This support window has increased over the years and with the new Chromebook Plus branding these have increased further to a select line of hardware. #tobeverified

It is not such a good thing though for unsuspecting individuals who may have picked up a Chromebook device in the bargain bin of their favorite computer retailer only to find out that the machine they have just bought only gets a year's left in updates. 

That's why care must be taken when buying older models so you know exactly what you are getting into and don't get buyer's remorse. This is also true for educational institutions that purchase computing devices. To make things worse, repairability of these devices is usually difficult and it's not just a matter of swapping a more powerful processor or adding more disk space or RAM. There's also the environmental impact as some news sources point out if these obsolete and un-upgradeable machines end up being thrown away. 

In a recent blog post, the ChromeOS team has promised a guaranteed 10-year update lifetime for these devices to address these very issues that have been pointed out. 

Can you use Chromebooks beyond their expiration date? 

The quick answer is a resounding YES! But there are caveats. When your device reaches its end of life, it doesn't mean that it will suddenly won't turn on. It simply means that both the manufacturer and Google who updates the operating system side will no longer be pushing updates to your device. Play Store and Linux applications can still be updated though so you shouldn't worry about that. There are a few important things to keep in mind however and these are related to the areas of security, compatibility, and general performance.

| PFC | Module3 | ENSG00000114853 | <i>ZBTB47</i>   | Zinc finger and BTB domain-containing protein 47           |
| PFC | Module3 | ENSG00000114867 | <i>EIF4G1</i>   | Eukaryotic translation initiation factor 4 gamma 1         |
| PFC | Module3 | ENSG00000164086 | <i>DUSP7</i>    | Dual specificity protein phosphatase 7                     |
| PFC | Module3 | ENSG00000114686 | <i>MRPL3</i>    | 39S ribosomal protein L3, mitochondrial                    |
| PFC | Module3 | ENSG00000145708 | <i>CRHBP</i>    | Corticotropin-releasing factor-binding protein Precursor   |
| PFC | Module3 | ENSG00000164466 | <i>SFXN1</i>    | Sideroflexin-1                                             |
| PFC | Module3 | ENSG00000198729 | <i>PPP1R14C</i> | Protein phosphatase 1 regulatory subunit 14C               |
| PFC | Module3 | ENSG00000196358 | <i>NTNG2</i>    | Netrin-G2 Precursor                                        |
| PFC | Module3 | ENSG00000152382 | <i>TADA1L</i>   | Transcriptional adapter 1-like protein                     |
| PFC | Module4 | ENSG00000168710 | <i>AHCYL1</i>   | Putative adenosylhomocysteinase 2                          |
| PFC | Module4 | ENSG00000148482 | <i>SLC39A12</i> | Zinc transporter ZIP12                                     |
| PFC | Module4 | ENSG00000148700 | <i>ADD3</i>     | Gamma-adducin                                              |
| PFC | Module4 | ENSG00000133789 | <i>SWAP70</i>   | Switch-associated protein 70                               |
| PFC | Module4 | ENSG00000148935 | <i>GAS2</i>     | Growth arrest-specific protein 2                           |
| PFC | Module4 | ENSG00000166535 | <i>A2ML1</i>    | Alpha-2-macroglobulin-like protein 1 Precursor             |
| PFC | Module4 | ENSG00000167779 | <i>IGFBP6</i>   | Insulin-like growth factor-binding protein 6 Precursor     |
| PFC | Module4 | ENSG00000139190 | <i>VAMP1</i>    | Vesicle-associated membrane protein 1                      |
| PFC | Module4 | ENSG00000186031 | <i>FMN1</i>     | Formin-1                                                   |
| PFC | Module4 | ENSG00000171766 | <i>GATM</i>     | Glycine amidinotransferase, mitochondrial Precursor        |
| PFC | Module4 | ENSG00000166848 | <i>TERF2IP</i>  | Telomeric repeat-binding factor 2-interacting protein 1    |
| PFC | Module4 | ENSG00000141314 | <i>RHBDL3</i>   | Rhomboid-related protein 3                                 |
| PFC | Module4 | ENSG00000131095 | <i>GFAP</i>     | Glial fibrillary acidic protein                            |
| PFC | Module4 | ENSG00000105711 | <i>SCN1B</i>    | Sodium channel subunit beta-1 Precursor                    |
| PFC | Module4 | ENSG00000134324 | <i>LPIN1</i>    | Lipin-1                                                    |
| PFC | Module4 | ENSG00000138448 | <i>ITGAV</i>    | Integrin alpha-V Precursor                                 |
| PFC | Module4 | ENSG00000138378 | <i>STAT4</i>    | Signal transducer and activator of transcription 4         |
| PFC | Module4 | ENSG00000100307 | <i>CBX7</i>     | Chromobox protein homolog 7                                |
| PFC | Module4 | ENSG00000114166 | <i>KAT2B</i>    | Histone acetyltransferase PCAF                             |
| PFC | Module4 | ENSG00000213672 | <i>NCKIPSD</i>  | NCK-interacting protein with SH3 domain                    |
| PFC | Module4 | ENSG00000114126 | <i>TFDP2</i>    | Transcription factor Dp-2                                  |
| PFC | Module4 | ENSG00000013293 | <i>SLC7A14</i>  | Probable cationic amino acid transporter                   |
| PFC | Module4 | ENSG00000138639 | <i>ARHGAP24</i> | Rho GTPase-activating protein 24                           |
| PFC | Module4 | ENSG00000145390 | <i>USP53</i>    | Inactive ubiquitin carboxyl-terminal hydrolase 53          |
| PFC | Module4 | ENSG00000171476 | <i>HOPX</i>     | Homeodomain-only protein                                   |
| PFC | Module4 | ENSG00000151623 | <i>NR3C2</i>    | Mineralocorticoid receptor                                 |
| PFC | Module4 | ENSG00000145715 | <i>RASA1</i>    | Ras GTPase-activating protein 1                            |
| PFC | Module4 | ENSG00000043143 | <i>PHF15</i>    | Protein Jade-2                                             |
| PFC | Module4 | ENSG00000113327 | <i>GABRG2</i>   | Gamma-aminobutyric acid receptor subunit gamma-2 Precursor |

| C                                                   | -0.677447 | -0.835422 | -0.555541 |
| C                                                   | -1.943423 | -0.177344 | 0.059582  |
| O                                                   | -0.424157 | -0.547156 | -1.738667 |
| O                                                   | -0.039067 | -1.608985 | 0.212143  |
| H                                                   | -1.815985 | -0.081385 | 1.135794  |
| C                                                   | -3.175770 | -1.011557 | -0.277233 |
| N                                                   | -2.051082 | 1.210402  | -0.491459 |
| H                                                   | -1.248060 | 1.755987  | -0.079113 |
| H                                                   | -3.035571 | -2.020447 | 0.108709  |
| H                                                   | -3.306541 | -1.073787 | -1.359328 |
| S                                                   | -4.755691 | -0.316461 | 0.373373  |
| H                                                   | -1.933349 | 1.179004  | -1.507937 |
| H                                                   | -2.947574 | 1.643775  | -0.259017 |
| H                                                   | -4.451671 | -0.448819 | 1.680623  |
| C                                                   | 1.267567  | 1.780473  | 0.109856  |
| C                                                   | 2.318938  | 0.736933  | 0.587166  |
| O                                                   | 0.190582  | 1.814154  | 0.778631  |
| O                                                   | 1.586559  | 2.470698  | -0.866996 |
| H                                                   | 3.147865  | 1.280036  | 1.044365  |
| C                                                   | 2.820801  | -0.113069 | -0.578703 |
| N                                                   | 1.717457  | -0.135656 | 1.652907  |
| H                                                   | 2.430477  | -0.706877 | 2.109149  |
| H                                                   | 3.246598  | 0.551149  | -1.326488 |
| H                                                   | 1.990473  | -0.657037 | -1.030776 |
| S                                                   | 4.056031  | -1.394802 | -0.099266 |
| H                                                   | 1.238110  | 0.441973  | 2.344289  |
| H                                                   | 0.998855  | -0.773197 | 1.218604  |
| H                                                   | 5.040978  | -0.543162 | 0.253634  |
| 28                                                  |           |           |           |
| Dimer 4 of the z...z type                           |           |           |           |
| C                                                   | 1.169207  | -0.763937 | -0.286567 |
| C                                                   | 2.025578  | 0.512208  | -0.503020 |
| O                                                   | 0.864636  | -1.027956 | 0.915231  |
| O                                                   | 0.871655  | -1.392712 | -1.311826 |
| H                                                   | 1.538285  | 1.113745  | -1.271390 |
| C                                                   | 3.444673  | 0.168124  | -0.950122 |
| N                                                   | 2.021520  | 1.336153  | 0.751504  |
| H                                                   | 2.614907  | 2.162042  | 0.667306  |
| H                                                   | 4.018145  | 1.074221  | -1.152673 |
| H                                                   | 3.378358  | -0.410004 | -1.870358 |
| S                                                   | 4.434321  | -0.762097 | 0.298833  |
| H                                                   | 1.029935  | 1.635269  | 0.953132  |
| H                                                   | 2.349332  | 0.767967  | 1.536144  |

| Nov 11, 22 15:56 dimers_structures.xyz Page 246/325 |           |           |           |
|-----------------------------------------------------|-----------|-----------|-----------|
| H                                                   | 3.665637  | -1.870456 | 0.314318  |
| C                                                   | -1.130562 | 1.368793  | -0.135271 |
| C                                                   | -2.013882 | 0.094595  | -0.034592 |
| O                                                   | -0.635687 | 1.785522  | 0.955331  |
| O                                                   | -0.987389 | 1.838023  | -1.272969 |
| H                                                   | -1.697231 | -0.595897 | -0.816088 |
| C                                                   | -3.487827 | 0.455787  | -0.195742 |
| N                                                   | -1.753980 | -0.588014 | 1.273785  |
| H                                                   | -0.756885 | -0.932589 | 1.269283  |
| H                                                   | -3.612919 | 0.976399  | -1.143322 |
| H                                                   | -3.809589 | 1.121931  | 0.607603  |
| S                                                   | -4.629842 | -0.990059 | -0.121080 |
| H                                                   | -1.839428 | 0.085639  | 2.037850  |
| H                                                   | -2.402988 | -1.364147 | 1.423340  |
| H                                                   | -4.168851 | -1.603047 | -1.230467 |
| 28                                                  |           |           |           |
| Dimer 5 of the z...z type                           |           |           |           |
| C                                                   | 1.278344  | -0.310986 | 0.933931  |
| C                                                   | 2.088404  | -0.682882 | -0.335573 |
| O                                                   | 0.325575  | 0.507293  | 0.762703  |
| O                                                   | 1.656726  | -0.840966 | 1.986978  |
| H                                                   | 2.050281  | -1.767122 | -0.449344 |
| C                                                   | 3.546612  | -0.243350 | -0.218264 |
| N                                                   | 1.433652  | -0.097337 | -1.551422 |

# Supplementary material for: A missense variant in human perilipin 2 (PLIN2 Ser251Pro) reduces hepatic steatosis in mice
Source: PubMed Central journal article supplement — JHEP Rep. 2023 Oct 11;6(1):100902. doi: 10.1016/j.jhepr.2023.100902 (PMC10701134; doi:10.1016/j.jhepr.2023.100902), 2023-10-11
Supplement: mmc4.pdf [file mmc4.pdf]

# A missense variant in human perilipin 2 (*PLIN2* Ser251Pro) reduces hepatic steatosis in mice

Security is probably the number one reason why you would like to keep your Chromebook up to date. It seems that there is a constant stream of news articles related to the discovery of new vulnerabilities and hence more ways in which malicious parties can compromise your system. To thwart these attempts, manufacturers release security patches to plug these security holes. When a Chromebook reaches its EOL, it will no longer receive these security patches, leaving it vulnerable to future security vulnerabilities. Since in ChromeOS, the browser is basically the main user interface itself, the Chrome browser won't be able to receive much-needed patches. There is an initiative by Google to decouple the Chrome browser from the ChromeOS and this will enable them to push security patches to the browser independent of the OS updates (codenamed Lacros) much like any other application in the Play Store or like Linux apps.